In contrast, Victoria enjoyed working with Emilia Fox, and adds: "It was a big thrill to do a scene with Dame Eileen Atkins – we didn't share any dialogue, but she nodded in my direction and I did a sort of curtsey, so it was as good as... I feel Heidi missed a trick in not giving Nana a sing-song round the piano with Madame Fidolia."

Heidi Thomas and Dame Eileen Atkins collaborate for the third time on Ballet Shoes – previous work together includes Heidi's version of Madame Bovary for the BBC, and this autumn's epic, Cranford.

Dame Eileen plays Posy's mentor and ballet teacher, Madame Fidolia, and she has a particularly strong bond with the world of Ballet Shoes.

"As a child in the Thirties, I danced on the professional stage," she explains. "My dancing teacher was an extraordinary woman called Kathleen Smith who styled herself Madame Kavos Yandie and pretended to be Spanish. We had her initials emblazoned on our costumes – 'K.Y.' on everything. We were constantly mocked!" She adds: "When we were hired as a troupe, we'd be tapping away whilst she stood in the wings screaming: 'Smile! Smile! Smile!'"

Madame Fidolia enjoyed genuine success as a ballerina in her native Russia, but Eileen's teacher was inventive with the truth. "She used to put 13 letters after her name – a string of false qualifications – but she was found out after the War and had to apologise in the Dancing Times."

Like the Fossil sisters, Eileen was from a humble background, and needed the money her talent brought home. Throughout her childhood she danced in East End working men's clubs: "I earned 15 bob a night, which was quite a good wage." Her reputation grew and, at one point, she shared the bill with Anna Neagle and Randolph Scott. "I sang Yankee Doodle Dandy whilst toe-tapping on an upturned drum."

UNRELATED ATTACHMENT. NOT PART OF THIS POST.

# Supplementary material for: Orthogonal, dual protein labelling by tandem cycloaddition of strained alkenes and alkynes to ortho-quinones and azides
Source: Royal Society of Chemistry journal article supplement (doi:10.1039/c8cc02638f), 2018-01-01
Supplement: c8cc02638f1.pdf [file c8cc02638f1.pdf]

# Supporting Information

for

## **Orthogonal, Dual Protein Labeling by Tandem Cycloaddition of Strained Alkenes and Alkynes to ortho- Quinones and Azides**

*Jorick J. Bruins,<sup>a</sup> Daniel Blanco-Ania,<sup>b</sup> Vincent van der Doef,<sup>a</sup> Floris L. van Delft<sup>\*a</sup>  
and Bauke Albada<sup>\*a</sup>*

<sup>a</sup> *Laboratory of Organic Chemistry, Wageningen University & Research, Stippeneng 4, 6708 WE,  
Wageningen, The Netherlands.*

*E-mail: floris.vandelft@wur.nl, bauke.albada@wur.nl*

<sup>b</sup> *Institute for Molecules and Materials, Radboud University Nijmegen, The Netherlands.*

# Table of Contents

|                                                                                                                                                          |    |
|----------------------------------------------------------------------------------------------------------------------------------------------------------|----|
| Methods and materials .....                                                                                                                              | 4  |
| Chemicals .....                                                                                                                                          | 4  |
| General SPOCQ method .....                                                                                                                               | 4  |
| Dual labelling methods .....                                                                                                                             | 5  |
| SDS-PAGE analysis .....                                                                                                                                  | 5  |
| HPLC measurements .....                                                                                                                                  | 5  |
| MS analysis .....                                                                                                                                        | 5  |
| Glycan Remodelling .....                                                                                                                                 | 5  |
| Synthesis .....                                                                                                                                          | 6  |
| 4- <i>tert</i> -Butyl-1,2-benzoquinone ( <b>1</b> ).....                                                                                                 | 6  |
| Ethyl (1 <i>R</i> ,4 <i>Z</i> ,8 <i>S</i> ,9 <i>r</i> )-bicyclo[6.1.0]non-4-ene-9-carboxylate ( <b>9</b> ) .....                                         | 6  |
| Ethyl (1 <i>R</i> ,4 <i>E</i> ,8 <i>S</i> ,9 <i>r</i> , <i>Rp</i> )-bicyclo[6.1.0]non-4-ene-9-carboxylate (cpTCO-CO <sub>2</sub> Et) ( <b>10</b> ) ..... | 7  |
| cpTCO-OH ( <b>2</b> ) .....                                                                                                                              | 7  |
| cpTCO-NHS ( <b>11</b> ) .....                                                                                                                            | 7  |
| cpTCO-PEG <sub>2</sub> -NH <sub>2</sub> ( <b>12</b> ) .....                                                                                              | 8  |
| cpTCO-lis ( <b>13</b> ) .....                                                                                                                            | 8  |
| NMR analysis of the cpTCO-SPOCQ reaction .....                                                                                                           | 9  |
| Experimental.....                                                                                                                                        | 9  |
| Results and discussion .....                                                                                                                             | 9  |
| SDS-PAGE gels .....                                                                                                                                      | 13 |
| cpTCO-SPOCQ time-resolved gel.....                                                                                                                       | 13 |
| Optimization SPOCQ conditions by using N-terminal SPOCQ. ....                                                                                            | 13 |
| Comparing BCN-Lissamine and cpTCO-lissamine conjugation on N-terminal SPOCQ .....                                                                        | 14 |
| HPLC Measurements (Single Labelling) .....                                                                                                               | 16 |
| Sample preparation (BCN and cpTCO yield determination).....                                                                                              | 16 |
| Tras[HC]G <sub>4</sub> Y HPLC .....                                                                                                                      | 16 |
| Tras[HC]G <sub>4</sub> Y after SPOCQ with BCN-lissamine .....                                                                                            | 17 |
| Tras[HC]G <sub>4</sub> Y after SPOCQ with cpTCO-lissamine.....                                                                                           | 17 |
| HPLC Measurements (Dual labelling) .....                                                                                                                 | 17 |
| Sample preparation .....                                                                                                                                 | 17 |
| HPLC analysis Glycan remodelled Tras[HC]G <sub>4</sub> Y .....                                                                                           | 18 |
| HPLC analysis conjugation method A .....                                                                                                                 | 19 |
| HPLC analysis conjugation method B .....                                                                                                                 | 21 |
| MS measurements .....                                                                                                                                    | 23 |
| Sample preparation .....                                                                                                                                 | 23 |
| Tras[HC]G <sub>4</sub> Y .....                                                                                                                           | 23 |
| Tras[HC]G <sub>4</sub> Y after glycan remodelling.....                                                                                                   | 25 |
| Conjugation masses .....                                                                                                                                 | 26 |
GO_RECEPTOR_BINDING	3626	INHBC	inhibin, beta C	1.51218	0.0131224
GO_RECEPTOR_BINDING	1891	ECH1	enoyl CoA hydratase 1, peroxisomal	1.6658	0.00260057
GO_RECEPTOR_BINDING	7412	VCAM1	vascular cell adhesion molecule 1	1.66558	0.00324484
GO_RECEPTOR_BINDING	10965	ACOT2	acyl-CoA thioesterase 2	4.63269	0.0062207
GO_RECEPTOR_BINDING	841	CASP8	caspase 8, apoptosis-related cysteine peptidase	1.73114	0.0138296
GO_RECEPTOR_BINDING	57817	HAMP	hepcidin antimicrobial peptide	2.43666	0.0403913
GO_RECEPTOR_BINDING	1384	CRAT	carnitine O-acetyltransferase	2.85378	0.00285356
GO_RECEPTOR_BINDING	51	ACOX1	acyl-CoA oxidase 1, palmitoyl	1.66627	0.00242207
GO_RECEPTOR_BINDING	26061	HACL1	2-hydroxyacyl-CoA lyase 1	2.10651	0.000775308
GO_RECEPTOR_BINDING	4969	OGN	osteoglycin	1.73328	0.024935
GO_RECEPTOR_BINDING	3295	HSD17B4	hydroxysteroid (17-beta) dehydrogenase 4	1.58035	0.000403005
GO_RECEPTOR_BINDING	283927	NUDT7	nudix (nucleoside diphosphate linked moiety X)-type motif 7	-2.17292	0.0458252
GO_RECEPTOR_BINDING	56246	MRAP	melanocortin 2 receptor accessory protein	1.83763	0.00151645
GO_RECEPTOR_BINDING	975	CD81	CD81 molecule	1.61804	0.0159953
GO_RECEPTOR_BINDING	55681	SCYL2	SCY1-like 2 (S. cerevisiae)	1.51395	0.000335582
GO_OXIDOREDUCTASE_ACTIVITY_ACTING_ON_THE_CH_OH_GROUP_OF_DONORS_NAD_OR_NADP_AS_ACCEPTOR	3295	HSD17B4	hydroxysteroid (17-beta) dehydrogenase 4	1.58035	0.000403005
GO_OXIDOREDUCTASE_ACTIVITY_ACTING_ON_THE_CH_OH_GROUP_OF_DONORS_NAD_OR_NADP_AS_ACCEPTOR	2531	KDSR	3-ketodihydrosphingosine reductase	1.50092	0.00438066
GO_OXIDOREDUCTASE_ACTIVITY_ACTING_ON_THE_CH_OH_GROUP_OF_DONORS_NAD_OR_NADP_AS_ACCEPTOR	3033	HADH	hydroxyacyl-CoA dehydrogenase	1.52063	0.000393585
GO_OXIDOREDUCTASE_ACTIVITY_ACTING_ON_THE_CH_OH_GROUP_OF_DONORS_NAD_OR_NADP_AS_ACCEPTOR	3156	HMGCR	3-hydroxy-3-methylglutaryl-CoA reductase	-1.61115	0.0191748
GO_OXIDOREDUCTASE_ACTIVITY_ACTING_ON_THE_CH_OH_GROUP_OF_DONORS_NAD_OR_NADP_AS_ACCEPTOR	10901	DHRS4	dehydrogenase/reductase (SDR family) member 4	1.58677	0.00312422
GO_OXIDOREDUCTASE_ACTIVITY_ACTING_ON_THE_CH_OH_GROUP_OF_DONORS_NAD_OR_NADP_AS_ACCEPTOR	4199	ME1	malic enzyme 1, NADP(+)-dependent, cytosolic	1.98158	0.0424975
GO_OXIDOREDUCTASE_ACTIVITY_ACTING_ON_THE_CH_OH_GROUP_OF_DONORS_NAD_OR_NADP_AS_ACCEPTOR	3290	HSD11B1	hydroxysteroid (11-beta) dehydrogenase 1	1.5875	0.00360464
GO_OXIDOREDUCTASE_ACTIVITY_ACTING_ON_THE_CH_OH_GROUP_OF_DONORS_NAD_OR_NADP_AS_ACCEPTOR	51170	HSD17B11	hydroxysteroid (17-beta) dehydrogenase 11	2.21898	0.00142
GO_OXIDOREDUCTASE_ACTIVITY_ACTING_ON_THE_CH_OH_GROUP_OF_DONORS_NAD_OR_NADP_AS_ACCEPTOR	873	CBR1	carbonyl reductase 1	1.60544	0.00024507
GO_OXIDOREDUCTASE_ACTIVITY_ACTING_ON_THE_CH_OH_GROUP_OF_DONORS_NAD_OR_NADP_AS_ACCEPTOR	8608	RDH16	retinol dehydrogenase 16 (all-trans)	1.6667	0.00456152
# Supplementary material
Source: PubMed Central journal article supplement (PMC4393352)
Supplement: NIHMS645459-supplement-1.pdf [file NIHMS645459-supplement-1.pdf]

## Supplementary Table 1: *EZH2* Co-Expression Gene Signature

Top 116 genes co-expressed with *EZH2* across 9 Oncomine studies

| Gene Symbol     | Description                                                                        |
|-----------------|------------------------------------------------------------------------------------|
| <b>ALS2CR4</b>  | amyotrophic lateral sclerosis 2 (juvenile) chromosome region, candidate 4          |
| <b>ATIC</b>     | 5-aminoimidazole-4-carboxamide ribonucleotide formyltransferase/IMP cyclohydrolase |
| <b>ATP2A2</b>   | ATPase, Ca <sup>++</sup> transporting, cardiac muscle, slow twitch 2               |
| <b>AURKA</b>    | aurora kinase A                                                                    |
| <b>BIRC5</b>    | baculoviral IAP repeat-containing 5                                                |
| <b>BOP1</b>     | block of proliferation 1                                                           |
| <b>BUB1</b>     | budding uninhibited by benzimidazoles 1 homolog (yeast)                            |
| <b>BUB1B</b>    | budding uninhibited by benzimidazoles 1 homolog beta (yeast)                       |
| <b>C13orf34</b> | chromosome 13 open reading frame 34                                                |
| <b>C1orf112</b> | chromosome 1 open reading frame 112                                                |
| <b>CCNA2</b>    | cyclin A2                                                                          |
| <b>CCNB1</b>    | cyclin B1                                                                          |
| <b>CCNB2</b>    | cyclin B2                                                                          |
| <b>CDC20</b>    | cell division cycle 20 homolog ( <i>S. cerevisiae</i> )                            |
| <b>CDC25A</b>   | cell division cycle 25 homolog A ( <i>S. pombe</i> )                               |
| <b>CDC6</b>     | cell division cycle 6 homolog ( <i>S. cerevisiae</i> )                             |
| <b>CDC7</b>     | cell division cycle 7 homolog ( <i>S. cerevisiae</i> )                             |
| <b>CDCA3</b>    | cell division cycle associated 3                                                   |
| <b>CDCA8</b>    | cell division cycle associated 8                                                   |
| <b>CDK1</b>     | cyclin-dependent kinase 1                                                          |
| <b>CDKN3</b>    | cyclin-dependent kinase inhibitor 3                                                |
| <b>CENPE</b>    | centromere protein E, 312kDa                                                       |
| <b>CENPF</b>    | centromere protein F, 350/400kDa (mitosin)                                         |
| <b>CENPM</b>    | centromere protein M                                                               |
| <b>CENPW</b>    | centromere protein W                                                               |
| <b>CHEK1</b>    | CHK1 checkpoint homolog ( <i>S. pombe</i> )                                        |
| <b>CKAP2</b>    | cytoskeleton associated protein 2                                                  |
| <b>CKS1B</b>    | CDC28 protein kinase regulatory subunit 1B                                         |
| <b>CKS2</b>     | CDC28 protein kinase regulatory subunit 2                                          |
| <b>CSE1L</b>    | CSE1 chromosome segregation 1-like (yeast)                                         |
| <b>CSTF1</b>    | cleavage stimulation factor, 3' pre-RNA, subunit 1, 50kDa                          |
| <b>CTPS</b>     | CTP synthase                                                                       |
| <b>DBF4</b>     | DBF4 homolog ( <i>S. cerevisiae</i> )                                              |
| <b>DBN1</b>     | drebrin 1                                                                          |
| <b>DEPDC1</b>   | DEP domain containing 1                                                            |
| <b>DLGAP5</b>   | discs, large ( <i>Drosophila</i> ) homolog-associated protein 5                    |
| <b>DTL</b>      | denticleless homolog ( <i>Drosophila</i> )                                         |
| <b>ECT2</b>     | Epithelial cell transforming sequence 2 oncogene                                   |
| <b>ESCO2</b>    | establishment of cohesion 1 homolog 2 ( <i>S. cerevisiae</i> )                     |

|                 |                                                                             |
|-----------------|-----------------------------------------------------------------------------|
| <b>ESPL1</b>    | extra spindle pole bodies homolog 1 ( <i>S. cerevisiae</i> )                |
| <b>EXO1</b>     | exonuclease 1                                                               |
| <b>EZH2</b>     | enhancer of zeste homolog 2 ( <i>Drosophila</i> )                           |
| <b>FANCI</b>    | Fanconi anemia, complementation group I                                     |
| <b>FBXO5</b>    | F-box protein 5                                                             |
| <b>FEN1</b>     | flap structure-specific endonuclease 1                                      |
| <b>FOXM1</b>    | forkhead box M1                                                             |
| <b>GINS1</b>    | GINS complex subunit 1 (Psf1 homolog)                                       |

Marc Warren plays Mr Simpson, the kind, melancholy lodger who moves into the Fossils' home as a paying guest. He says: "My character is a really nice, posh bloke, which is quite against type for me. He's recently returned from Kuala Lumpur and has had a tragic life, having lost his wife and son.

"He takes Petrova under his wing and they bond through their interest in cars – but he has feelings for Sylvia which he's too shy to admit to." He adds: "It's a wonderful script, really lovely, and the original book is delightful. I don't think Ballet Shoes is just for girls, however – it will appeal to the whole family, as the sisters take on such a range of responsibilities. Working with Yasmin, Emma and Lucy was fantastic."

Piers Wenger sums up: "There are numerous reasons why it made sense to produce Ballet Shoes now. The cult of the TV talent shows demonstrates just how titillated we all are by the pleasure and pain of performance. But I think Ballet Shoes is also a great antidote to the notion of fame for fame's sake; the story is about discovering what really matters in life, something which we hope would also strike a chord with modern audiences."